One of the most misunderstood rules in California criminal law is the law preventing hearsay testimony. Under California statutory law, hearsay is defined as “a statement that was made other than by a witness while testifying at the hearing and that is offered to prove the truth of the matter stated.” Most often, hearsay testimony arises in the context of a witness testifying to what someone else said.
There are several concerns about hearsay evidence. Generally, hearsay evidence is less reliable because, by its nature, it is coming from a party other than the one who made the statement. Thus, a statement could easily have been misunderstood or misinterpreted by the witness. Perhaps more importantly, allowing a non-present party to present evidence against a criminal defendant deprives the defendant of their right to confront their witnesses which is guaranteed under the United States Constitution.
What Makes Hearsay So Confusing for Many People?
Perhaps the most complicated aspect of the hearsay concept is not the definition of what constitutes hearsay, but the numerous exceptions that allow evidence which would seemingly be precluded under the rule. For example, certain statements against one’s interest are not inadmissible under the hearsay rule. Specifically, a defendant’s statements are never considered hearsay and statements made by a co-conspirator are not inadmissible if they are made before or during the conspiracy.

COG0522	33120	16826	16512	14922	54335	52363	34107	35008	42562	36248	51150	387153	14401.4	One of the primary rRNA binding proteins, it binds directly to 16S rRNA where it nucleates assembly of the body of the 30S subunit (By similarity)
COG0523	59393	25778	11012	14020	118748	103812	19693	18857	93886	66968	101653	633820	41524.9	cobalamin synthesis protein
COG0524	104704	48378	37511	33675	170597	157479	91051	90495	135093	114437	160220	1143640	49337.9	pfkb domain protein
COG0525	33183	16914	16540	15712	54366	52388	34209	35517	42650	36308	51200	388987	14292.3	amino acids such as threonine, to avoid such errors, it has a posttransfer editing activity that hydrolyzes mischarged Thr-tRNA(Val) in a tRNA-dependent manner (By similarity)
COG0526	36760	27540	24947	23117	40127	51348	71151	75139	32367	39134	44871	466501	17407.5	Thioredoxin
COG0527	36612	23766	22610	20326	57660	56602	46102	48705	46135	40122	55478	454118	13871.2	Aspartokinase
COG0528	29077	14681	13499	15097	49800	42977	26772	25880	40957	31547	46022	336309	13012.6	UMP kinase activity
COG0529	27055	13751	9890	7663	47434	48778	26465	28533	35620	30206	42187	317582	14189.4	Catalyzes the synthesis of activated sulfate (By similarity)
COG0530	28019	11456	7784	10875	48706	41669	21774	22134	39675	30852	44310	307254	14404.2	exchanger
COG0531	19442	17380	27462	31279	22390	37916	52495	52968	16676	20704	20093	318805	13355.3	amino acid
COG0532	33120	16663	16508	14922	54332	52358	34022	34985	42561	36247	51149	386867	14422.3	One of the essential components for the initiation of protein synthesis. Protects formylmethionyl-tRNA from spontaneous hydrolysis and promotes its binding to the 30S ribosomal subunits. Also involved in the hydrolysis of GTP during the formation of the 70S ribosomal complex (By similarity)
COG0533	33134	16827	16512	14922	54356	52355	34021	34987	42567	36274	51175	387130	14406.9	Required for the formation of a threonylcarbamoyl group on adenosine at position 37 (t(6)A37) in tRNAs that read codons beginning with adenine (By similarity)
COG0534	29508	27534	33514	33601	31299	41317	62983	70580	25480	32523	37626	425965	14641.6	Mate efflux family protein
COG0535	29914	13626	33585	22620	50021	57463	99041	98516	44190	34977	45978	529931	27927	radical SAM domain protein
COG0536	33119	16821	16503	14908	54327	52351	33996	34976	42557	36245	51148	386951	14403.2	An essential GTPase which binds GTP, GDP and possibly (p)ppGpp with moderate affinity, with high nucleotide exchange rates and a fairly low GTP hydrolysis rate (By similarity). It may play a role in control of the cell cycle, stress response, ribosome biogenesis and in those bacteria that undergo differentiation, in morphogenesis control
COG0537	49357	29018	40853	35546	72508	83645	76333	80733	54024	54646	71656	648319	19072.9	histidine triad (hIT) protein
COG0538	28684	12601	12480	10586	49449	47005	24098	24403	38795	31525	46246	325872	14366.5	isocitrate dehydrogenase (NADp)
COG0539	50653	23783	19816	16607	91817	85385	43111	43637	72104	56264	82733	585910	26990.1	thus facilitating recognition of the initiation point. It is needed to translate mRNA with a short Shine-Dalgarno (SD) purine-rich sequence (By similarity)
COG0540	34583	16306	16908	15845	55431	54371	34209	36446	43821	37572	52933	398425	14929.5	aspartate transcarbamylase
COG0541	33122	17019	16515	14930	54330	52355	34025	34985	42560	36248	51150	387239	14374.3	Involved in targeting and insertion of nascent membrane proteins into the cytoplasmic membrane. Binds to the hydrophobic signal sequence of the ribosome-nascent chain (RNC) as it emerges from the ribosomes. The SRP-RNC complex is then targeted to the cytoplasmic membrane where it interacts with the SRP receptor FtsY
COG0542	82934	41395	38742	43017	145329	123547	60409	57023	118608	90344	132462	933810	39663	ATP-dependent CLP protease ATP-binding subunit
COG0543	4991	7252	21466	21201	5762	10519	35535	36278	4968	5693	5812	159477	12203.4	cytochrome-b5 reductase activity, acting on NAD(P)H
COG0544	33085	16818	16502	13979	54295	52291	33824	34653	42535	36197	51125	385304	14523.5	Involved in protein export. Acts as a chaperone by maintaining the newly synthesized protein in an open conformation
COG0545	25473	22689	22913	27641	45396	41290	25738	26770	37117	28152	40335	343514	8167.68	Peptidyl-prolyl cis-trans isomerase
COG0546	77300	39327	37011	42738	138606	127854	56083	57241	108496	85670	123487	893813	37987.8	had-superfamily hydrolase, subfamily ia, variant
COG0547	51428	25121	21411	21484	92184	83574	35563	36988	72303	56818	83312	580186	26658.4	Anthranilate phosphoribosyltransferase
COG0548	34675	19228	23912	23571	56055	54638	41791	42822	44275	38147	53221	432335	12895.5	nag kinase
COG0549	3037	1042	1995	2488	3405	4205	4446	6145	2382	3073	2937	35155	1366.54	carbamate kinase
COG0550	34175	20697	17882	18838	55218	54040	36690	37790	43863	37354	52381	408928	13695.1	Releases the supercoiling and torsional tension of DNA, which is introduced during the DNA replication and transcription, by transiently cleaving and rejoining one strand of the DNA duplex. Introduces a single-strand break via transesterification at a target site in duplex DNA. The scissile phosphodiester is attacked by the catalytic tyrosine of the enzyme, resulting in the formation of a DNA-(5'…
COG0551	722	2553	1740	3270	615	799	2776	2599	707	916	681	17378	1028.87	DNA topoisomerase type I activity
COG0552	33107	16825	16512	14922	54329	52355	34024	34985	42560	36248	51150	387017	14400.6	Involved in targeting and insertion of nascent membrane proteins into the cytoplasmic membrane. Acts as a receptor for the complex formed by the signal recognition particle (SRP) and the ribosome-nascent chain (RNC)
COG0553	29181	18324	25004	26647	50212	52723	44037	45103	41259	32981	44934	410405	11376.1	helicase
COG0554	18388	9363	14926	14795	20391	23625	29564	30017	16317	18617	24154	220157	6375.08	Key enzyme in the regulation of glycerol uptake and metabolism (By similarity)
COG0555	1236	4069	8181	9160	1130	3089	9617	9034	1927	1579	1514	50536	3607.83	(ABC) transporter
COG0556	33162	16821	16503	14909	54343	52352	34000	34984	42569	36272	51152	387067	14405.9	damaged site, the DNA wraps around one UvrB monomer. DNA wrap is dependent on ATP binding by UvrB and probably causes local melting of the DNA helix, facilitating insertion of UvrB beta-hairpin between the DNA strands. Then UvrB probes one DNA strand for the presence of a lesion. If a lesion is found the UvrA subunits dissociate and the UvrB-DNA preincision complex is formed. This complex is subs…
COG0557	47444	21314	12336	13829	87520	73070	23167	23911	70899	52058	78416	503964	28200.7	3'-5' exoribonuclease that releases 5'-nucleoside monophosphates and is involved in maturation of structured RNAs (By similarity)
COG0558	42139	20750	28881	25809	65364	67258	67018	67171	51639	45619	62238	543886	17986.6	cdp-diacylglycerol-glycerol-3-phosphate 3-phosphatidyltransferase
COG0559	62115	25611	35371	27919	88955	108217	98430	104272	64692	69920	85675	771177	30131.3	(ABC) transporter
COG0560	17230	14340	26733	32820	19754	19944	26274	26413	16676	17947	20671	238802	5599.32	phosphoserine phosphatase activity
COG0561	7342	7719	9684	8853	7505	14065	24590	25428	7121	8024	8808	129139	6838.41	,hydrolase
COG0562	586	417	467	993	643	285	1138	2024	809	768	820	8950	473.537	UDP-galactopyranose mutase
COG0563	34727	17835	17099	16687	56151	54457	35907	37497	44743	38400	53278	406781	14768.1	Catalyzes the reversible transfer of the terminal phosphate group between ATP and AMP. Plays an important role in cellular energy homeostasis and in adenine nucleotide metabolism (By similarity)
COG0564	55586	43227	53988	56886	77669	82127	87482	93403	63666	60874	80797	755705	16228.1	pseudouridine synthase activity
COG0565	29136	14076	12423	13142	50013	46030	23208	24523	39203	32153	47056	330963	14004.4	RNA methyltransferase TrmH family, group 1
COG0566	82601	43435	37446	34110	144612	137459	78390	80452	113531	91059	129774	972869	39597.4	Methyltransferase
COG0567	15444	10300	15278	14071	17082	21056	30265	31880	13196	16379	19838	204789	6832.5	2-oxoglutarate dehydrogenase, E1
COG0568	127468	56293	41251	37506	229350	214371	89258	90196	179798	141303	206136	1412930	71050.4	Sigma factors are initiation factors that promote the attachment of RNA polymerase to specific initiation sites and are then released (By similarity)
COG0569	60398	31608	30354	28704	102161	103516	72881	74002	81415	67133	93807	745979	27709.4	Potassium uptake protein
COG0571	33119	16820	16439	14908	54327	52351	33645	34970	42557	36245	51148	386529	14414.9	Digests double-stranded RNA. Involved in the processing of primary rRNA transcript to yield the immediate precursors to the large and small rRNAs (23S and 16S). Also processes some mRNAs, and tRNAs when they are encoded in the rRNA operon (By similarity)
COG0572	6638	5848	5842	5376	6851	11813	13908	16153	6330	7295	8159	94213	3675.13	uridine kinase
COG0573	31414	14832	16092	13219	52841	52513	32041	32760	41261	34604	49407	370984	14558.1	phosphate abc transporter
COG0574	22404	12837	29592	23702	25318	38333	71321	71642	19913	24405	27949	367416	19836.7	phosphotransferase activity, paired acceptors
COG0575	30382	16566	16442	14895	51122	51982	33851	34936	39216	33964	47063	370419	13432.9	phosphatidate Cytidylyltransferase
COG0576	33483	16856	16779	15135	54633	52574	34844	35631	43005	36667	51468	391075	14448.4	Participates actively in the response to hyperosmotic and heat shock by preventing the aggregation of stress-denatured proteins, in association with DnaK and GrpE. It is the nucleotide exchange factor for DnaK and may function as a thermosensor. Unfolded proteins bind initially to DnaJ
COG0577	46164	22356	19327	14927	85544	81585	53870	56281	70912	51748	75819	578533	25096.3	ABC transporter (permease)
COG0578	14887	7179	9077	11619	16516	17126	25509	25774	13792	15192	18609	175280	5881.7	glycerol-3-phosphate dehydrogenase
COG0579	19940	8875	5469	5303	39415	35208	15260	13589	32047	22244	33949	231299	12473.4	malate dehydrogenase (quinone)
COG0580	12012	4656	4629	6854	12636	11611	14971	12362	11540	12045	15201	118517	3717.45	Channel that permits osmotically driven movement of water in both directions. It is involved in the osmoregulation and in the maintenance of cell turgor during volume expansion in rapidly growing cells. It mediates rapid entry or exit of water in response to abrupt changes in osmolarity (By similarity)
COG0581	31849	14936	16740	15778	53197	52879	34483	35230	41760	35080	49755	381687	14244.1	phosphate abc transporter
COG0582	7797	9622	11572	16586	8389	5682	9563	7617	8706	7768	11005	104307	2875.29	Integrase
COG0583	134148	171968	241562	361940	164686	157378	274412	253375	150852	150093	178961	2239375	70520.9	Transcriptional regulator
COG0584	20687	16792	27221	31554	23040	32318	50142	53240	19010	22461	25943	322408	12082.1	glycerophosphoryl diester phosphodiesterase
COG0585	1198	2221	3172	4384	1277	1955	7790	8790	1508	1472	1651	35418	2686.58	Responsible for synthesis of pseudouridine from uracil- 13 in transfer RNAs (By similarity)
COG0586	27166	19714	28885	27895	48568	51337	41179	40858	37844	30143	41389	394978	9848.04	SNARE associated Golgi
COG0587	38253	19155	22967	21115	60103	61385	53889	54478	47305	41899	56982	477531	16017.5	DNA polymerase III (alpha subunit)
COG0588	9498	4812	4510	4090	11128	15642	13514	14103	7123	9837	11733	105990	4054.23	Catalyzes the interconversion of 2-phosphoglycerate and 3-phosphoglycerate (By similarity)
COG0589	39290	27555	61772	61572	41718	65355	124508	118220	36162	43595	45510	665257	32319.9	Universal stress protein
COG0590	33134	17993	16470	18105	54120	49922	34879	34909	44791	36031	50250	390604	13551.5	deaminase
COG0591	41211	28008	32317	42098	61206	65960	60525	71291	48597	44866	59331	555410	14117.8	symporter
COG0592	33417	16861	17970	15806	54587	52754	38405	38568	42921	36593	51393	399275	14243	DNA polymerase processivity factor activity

Another example of a hearsay exception is a statement that describes a “present sense impression.” Under California Evidence Code 1240, testimony that narrates, describes, or explains an event while the person who made the statement is still “under the stress of excitement” of the event is not inadmissible.
While many of the California hearsay rules seem to work against a defendant, that is not always the case. In general, the prohibition against hearsay protects California defendants’ right to confront their witnesses and requires the prosecution to bring in more witnesses to prove their case. Absent the hearsay prohibition a detective could theoretically take the stand and read his report summarizing his interactions with all witnesses and police officers involved.
It is beyond dispute that the California hearsay rule is a double-edged sword that can either help or hurt criminal defendants. Thus, it is up to California criminal defense attorneys to ensure that they wield the hearsay sword skillfully and effectively on behalf of their clients.
Have You Been Arrested for a California Crime?
If you have recently been arrested in California, contact the Law Offices of John W. Noonan. Attorney John Noonan is a dedicated California criminal defense attorney with over 55 years representing those charged with serious California crimes. As a former prosecutor, Attorney Noonan has experience working for the other side and knows how prosecutors approach his clients’ cases. With his help, you can rest assured that you are in good hands. To learn more about how Attorney Noonan can help you with the situation you are currently facing, call (925) 807-7077 to schedule a consultation today.